Life insurance can come with a lot of jargon, which makes it seem complicated. However, once it’s all removed and put simply, it’s much easier to understand how it works, which is important when deciding what is right for you and your loved ones.
Along with other reasons, generally, life insurance premiums generally get more expensive the older you get because, as you age, you’re more susceptible to injury or illness, and are therefore riskier to insure. However, there are different ways you can structure your policy to potentially mitigate part of this.
We’ll go through how you could structure your policy and how this may impact your premiums over time.
How do life insurance premiums work?
Regardless of the premium structure or life insurer you go with, there are some things that are consistent across life insurance premiums in Australia. Namely, premiums are almost always risk-rated, meaning you’ll likely need to undergo a medical assessment during the underwriting process.
Factors like your health status, lifestyle and family medical history all influence your overall risk rating and therefore determine your premium rates.
Your premium costs will also depend on your sum insured, which is the amount you or your beneficiaries will be paid out should you claim on your life insurance. If your sum insured increases at some point, your premium may also rise based on the age you are at the time. You can voluntarily increase your sum insured, or it may rise automatically through CPI indexation.
Income protection insurance is very similar to term life insurance regarding how the premiums work. However, there could be some differences, so always refer to the relevant Product Disclosure Statement (PDS) for the exact details of your policy.
There are two ways you can structure your premiums when taking out life insurance: stepped or level. There are pros and cons for both premium structures and the right one for you will depend on your personal circumstances.
The older you get, the more likely you are to claim on your life insurance. A stepped premium option accounts for this increased risk by adjusting your yearly premium as you age.
Some people choose the stepped structure to save on the premiums they pay at the start of their policy, or if their need for insurance is more short term. However, you may want to speak with an expert to see if this makes sense.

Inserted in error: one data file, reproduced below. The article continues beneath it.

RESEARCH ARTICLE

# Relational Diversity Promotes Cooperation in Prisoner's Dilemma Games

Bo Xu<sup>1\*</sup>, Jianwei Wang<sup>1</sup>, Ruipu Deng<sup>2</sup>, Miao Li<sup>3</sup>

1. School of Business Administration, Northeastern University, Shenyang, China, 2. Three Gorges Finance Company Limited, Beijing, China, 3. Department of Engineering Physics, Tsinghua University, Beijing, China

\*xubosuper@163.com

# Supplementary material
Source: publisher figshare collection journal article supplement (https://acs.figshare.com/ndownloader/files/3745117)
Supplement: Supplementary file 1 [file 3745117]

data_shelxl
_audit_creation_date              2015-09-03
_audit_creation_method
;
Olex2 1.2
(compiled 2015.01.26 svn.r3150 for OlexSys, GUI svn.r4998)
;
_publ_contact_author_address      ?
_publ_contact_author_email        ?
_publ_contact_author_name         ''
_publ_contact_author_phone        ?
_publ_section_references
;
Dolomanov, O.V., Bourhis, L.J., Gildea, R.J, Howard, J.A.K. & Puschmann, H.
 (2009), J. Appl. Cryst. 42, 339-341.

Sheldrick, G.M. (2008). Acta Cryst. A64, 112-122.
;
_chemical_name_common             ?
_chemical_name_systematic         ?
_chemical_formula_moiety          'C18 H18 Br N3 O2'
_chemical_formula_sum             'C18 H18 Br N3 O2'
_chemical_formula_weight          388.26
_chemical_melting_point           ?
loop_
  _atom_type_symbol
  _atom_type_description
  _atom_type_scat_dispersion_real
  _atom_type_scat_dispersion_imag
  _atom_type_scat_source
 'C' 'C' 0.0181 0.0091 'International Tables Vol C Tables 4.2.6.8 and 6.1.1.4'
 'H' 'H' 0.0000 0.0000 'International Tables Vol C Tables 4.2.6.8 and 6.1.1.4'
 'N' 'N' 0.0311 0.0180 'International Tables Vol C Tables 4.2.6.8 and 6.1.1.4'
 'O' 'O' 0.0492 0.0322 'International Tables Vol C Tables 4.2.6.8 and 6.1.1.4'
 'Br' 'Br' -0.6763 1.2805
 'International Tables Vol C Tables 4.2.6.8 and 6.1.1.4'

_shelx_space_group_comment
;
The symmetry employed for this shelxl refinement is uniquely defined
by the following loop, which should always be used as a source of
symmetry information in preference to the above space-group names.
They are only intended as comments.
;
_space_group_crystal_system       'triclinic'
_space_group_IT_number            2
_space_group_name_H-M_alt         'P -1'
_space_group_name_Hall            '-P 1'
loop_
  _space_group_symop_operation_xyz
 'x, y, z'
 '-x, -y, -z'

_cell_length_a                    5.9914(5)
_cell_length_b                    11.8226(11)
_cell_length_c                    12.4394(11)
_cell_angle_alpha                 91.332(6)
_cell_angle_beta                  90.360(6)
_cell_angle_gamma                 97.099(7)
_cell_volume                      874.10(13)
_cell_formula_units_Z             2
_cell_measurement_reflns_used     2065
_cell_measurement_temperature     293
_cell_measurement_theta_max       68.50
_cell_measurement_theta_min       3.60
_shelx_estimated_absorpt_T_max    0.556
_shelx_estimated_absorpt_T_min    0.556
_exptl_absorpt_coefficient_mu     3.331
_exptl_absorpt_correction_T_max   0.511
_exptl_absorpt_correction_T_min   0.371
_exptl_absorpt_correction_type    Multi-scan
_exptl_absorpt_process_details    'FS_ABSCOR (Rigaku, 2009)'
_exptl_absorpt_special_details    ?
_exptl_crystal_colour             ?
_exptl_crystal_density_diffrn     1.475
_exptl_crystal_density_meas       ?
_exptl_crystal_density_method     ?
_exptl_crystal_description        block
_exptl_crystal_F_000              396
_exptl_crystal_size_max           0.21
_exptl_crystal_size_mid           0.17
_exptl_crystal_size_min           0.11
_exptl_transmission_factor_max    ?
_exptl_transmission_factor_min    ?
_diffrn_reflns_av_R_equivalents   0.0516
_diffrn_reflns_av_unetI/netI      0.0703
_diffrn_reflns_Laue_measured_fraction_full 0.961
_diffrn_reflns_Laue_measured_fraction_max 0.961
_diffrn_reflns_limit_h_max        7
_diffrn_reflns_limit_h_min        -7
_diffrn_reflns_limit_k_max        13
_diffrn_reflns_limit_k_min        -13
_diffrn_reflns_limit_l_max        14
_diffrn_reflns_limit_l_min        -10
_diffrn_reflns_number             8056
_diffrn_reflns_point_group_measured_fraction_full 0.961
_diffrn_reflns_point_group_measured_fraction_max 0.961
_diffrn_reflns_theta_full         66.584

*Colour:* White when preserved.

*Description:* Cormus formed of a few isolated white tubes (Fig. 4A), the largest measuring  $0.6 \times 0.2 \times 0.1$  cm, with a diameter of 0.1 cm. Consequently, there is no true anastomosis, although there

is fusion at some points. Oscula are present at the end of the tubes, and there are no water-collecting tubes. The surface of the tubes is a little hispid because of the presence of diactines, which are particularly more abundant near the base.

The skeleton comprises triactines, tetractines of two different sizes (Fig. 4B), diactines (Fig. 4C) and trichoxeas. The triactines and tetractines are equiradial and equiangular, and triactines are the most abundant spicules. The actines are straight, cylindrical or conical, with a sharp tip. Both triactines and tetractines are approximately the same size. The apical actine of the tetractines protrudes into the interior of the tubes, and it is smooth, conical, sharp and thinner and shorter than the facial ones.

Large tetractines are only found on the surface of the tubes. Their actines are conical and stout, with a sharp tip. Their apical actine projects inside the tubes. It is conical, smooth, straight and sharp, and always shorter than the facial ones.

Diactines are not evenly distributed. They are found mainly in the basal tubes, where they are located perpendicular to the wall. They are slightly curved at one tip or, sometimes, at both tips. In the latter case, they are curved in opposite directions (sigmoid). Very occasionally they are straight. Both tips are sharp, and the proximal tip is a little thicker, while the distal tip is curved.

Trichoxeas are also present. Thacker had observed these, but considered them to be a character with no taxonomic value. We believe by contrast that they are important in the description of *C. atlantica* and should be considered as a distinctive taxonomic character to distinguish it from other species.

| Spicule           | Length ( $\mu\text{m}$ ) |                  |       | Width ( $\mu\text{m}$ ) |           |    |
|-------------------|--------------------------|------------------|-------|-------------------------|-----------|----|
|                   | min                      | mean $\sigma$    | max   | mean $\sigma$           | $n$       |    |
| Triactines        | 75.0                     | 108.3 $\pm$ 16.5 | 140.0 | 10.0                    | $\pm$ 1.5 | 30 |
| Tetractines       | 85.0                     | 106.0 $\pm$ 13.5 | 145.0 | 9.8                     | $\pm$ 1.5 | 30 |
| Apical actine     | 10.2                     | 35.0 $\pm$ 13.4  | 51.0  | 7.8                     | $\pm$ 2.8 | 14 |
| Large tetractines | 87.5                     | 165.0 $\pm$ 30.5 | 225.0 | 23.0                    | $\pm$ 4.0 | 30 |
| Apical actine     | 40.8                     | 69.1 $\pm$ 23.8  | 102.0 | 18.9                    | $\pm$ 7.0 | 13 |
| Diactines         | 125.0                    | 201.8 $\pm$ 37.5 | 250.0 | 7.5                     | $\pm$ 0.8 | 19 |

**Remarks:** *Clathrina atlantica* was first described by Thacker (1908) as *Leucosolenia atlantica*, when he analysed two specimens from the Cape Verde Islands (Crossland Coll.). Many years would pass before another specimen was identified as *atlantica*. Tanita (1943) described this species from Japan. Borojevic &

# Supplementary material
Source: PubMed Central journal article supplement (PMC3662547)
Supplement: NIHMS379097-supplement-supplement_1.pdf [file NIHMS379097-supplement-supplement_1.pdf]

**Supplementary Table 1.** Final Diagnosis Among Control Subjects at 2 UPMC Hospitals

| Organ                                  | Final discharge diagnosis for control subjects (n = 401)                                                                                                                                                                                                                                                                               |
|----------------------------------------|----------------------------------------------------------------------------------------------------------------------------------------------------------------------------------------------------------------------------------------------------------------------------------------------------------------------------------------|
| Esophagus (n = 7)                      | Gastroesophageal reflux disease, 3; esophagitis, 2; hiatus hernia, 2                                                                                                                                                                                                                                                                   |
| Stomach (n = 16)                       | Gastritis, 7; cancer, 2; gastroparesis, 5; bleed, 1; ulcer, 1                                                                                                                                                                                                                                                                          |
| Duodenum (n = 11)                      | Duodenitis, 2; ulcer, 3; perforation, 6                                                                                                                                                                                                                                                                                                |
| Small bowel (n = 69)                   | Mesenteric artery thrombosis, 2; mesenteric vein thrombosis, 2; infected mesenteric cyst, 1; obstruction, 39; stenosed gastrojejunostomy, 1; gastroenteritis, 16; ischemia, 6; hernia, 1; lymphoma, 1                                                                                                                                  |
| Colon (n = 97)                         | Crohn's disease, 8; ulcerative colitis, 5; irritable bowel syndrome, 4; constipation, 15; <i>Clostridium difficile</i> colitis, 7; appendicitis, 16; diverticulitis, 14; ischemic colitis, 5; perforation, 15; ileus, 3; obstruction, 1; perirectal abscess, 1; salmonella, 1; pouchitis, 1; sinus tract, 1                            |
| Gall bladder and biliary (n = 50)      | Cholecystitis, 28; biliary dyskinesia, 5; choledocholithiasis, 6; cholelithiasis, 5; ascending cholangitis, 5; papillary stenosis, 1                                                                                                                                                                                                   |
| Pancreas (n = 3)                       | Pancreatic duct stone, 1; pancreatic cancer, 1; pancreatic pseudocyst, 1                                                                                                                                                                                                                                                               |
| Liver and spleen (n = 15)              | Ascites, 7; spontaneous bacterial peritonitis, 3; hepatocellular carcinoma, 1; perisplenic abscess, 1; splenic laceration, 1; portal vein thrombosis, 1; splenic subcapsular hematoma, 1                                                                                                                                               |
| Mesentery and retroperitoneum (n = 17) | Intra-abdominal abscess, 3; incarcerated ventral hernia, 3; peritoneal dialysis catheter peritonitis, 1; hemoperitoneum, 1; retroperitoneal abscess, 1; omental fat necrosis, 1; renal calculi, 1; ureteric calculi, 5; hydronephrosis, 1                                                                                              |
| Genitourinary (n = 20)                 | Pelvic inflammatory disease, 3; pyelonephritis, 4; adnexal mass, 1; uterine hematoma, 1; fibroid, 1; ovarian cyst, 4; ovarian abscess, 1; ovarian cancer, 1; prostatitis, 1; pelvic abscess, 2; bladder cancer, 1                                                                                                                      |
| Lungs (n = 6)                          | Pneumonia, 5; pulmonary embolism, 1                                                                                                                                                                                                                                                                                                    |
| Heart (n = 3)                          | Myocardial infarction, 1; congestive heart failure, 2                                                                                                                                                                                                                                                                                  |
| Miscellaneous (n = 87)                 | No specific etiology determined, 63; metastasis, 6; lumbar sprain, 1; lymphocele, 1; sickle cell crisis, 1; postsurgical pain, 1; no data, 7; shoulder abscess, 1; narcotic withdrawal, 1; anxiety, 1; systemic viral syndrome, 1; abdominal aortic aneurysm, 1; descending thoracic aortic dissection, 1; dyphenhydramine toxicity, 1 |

|Lower premiums when you first get insured.|
A suitable option for those who may not require life insurance for a long term.
|Might be less cost-effective over the life of your policy.|
Can become expensive to maintain when you’re older, which is generally when you need it most.
With a level premium structure, the costs are spread more evenly over the life of your policy. Level premiums will generally be more expensive than stepped premiums in the earlier years, and cheaper in later years. The level premium you pay will depend on your age at the start of your policy. Many life insurance policies with level premiums will transition to a stepped premium structure after a set period (e.g. your policy anniversary after you turn 65).
For both premium types, your premiums could change if the sum insured changes. This could be due to a voluntary increase, indexation or because your insurer has changed their premium rates. A change in government charges (e.g. stamp duty) could also lead to a premium increase. When your sum insured increases, your premium for the increased portion of cover will be based on your age when the increase occurs.
|You could save money over the life of the policy.|
Ideal for anyone who wants long-term reassurance.
You can potentially budget your premiums better because they remain more consistent over the years.
|More expensive initially.|
You’ll likely end up on a stepped premium structure eventually, which could potentially erode the savings you made.
Regardless of the premium structure you choose, your premiums could increase for a variety of reasons up to the discretion of your insurer, including (but not limited to) a change in government legislation, operating costs or commercial viability.